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We Believe in the Dahomey (The Woman King Review)


It's time for Americans to realize the untold truth. Ignorant to African history; the prestige, wealth, pride and unification of people. "Woke" culture has consumed the United States of America. "Woke" must not equal "Truth". Telling and recounting moments in time that have existed for centuries unleashes the innerworkings of the mind. There are two roads being taken: "The road less traveled", and the road of capitalization and exploitation. Creating false societal narratives in the media does not benefit those who feel they have been barred from prosperity in reality. Because in the end, the pieces of the chess board are still in the possession of the player. You may be a king on the board, but the technicality is that you're still just a moveable piece on the board. There most likely won't ever be anymore chess pieces created, but there can be more chess players. This film allows Black Americans to see this-- no... believe this.

Why do we feel it is okay to replace and manipulate previous works of art? Changing the nature of art changes the piece. Plagiarizing and washing the core values. The double standard that it is okay for one group of people to do it, and the other to be scrutinized for such actions is remedial. Culture may lie in all things. To say one culture is more important than the other, or to say one culture may not exist at all, or to say both cannot co-exist is immature and untrue. All of the chess pieces remain the same, but we, the players, can truly make a difference if we try. It's time for all of history to be recognized. In the U.S.A. we have the resources to understand this. We do not because of pride, hurt and to press the notion that "ignorance is bliss". It's not.


Viola Davis leads a charge of Dahomey warriors, both male and female, as the General, Nanisca, of the All-Female regime of the Dahomey army. The screenplay shows the audience a clear "point A to point B" script that allows us to understand why each character exists, and the reasoning for each character's actions. Each character had a clear purpose for being a part of the film. Finding truth from a society to contrive a story that paints a realistic, wholesome picture that is more than obtainable in the mind if you truly believe it to be. Bringing to be a front-runner {Jacob Hollingsworth Network Endorsed} for Best Supporting Actress potential candidate, Thuso Mbedu. Nawi (Thuso) displays the true meaning of the film as she turns each corner in each scene with powerful facial expression that shows the power of the mind. Non-disclosing her intent when first meeting Malik (Jordan Bolger) by maintaining distance and steadiness, and exposing her intentions with her sisters of the Dahomey by being attentive and assertive without clear warning. Standing toe-to-toe with our lead, Viola Davis, Thuso shines in every possible moment to do so. We knew who the women of the "Amazonian Army" were, and we believed them and their existence, because they all had purpose. Writing these types of screenplays isn't the risk it once was, but it's a risk that hasn't been taken yet... until now.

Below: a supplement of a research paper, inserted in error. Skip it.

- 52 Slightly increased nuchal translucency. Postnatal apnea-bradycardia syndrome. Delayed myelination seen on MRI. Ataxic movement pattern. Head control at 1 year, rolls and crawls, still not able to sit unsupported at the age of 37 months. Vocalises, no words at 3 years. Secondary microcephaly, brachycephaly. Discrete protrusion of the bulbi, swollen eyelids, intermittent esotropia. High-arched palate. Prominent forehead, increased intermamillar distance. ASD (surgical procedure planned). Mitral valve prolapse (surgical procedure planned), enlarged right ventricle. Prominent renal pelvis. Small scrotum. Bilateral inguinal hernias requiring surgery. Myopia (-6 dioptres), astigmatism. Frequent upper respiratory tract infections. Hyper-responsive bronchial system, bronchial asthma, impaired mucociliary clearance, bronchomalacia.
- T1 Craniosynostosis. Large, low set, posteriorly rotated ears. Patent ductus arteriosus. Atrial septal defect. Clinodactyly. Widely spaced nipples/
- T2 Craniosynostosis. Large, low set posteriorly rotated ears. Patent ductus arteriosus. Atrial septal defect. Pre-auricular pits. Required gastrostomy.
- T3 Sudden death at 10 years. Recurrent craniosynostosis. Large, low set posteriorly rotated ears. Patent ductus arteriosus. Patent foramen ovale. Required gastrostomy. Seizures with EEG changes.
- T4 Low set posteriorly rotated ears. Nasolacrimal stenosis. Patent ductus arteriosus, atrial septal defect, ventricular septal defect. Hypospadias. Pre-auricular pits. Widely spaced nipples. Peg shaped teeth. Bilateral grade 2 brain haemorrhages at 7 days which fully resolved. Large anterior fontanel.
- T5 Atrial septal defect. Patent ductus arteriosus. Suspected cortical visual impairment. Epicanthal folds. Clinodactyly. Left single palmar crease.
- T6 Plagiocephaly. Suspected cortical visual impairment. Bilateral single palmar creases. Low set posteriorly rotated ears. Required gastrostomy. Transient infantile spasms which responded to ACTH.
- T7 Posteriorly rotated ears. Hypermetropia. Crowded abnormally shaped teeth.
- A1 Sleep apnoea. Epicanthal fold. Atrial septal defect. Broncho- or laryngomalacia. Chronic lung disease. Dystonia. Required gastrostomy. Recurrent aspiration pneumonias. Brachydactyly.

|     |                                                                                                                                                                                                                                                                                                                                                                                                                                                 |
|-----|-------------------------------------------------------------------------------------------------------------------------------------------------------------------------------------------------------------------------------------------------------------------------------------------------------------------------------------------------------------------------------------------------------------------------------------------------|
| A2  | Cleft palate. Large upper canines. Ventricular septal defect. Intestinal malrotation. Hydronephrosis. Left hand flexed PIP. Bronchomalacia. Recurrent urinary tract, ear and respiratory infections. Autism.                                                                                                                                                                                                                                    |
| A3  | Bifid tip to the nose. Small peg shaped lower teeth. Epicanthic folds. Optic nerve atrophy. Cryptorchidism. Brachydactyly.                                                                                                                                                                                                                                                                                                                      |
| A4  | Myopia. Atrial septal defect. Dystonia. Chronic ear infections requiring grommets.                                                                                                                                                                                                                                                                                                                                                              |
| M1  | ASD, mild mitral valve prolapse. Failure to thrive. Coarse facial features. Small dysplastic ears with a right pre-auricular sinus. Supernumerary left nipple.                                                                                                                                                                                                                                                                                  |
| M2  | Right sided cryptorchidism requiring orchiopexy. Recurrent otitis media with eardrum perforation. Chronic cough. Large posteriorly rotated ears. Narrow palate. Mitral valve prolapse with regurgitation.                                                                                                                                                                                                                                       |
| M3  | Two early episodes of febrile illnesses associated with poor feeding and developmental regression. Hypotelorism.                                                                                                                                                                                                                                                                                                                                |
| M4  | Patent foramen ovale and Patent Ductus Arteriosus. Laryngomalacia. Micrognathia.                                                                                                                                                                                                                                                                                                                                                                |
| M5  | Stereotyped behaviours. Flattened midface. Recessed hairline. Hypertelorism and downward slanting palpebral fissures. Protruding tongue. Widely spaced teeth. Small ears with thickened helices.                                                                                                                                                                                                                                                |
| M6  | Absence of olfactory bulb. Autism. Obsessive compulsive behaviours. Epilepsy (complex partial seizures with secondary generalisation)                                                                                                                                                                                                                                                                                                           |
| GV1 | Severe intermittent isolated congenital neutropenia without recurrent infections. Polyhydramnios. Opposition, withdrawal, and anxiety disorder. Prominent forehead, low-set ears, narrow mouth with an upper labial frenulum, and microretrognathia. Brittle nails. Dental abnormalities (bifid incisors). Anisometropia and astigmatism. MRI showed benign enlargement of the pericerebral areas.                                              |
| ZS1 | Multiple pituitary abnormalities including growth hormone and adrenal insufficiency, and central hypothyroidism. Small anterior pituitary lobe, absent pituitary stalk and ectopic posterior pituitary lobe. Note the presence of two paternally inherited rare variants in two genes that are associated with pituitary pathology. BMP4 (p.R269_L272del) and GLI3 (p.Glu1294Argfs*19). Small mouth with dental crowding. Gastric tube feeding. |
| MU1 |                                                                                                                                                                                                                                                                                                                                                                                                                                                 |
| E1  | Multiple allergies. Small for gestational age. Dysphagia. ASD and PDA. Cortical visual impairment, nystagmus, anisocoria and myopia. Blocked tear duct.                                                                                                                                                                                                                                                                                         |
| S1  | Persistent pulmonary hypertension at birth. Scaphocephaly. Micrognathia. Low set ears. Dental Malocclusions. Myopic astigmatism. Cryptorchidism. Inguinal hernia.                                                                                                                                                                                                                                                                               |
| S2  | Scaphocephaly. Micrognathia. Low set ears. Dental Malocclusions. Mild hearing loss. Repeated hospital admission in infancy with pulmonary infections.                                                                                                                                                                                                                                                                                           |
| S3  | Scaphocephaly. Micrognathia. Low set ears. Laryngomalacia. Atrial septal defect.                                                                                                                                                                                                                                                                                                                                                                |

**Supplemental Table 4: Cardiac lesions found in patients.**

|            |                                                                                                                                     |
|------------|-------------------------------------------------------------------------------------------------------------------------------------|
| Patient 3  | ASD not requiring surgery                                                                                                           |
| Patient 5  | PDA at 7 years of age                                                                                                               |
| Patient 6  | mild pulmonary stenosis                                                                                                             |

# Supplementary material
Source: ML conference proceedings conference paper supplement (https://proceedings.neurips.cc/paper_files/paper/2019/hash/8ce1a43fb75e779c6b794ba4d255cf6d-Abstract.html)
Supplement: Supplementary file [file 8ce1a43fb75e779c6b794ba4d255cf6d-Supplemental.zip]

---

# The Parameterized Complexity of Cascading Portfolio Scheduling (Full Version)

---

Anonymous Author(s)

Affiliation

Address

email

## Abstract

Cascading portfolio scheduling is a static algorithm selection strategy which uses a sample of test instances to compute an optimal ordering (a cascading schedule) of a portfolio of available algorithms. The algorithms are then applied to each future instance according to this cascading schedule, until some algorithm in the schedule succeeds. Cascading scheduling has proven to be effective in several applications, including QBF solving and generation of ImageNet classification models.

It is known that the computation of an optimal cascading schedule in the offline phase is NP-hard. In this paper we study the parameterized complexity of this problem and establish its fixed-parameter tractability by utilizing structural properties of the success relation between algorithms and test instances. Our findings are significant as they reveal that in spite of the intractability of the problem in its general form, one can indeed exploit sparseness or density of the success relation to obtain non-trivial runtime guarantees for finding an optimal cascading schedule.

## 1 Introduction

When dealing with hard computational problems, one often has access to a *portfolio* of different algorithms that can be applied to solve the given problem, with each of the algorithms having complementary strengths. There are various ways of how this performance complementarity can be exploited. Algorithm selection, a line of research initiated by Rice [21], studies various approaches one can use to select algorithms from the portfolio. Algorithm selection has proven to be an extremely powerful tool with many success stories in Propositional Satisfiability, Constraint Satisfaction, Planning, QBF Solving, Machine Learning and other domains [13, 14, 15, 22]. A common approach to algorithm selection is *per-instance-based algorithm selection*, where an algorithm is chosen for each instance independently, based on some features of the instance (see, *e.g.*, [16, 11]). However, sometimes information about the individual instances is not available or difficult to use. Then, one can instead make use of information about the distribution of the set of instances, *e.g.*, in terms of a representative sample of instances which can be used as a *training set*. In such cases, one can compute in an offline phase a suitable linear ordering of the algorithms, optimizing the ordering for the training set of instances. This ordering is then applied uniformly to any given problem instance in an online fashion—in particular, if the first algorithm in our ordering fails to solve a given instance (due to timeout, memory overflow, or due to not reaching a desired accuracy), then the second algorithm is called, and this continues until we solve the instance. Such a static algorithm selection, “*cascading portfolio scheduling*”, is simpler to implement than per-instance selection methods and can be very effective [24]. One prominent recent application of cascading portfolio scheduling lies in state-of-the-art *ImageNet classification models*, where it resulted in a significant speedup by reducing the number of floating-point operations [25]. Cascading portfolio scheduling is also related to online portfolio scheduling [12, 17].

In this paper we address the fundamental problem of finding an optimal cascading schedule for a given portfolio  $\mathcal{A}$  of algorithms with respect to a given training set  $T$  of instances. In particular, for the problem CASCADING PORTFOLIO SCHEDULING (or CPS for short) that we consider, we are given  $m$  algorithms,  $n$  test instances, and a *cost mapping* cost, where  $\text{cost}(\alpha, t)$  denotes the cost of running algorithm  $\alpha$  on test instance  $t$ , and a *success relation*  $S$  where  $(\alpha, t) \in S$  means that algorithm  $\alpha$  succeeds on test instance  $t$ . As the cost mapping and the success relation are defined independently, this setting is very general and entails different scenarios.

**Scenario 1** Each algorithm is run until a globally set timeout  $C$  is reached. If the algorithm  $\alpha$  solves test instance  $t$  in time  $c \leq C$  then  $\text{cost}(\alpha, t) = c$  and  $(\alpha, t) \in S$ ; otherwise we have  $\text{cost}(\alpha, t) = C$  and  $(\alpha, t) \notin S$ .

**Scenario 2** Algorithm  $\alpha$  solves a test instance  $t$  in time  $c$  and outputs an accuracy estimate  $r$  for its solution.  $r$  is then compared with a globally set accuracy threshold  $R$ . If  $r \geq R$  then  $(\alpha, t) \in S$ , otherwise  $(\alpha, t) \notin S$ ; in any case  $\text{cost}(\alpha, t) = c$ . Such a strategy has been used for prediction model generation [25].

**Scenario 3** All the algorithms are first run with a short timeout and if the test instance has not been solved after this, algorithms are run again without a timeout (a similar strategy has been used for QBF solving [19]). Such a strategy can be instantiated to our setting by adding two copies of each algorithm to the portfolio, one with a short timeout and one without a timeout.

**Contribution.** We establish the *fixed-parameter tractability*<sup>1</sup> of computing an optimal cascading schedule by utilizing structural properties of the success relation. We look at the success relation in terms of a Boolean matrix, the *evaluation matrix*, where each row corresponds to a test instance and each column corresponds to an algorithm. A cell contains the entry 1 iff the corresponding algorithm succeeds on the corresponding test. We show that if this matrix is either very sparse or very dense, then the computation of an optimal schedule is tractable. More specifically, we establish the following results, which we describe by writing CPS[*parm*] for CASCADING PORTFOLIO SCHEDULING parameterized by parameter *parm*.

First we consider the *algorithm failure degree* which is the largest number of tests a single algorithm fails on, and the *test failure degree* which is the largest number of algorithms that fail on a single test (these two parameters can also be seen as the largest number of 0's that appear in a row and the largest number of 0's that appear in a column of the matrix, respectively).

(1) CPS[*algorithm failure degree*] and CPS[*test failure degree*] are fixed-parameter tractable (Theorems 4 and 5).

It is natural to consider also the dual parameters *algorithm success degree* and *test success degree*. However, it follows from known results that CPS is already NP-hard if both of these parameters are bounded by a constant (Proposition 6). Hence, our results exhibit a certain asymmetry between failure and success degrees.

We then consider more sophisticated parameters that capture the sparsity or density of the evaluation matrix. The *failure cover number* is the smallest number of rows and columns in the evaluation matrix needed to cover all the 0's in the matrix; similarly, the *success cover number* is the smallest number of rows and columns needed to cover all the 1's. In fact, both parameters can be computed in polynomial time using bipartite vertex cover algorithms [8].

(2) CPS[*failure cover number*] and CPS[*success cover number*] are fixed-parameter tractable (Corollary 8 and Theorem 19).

The Action scenes were well thought out for the majority of the film. There was a point in the climatic action scene that was quite non-believable, but most action sequences were strategically planned through a realistic lens and understanding of combat. The women would generally fight through tact and skill from experience and training. The encounters were convincing; attacking from underneath and using the oppositions strength against them. Breaking down an enemy from the ankles on up. Perfect choreography.

The Cinematography and editing left room for improvement. There was a significant lack of consistency in unique shots that caused expression of amazement. There was also a large amount of unplanned shaking of the camera rigs. Shots would often cut too quickly before we could draw a vivid delineation. So, the cinematography team seemingly did not capture some of the great fights from the proper direction. Unique shots were scarce, but they were truly beautiful, mind-bending and defining. When Nawi sat at the edge of the bed in her one-on-one scene with Malik, the camera caught a shot of Nawi's dark presence-- not blocking, but overshadowing and outshining the light from outside of the window parallel to her position on the bed from behind her. Captivating.

Emotional connection was much stronger than the spiritual premise of the movie, yet both had an impact. Relation could be drawn from the hopes and dreams of the cast. We believed in Nanisca's hopes and dreams. We believed in Inzogie's vision. Inzogie (Lashana Lynch) had the strongest identity turnover. She started brash and cold. By the end, she was loving and caring. A simple and often seen emotional progression, but when paired with impressive acting and connected with Nawi in a wide number of scenes, we felt for Inzogie more. Nanisca's prayers were relatable and given pivotal screen time alone, and with her longtime companion Amenza (Sheila Atim). We all want that one friend who stands by our sides through every prayer. Amenza was that for Nanisca.

You could certainly find yourself "choked up" by the end of this film. Powering the resolution was King Ghezo's (John Boyega) powerful speech meant for the audience that poured out of the screen. Intelligently placed and written. It inspired hope and self-worth. Attempting to unveil the power hidden deep within us. The speech may have been on screen "for the Dahomey", but the clear objective was for the Black American. Hopefully, people see this as more than just a movie.


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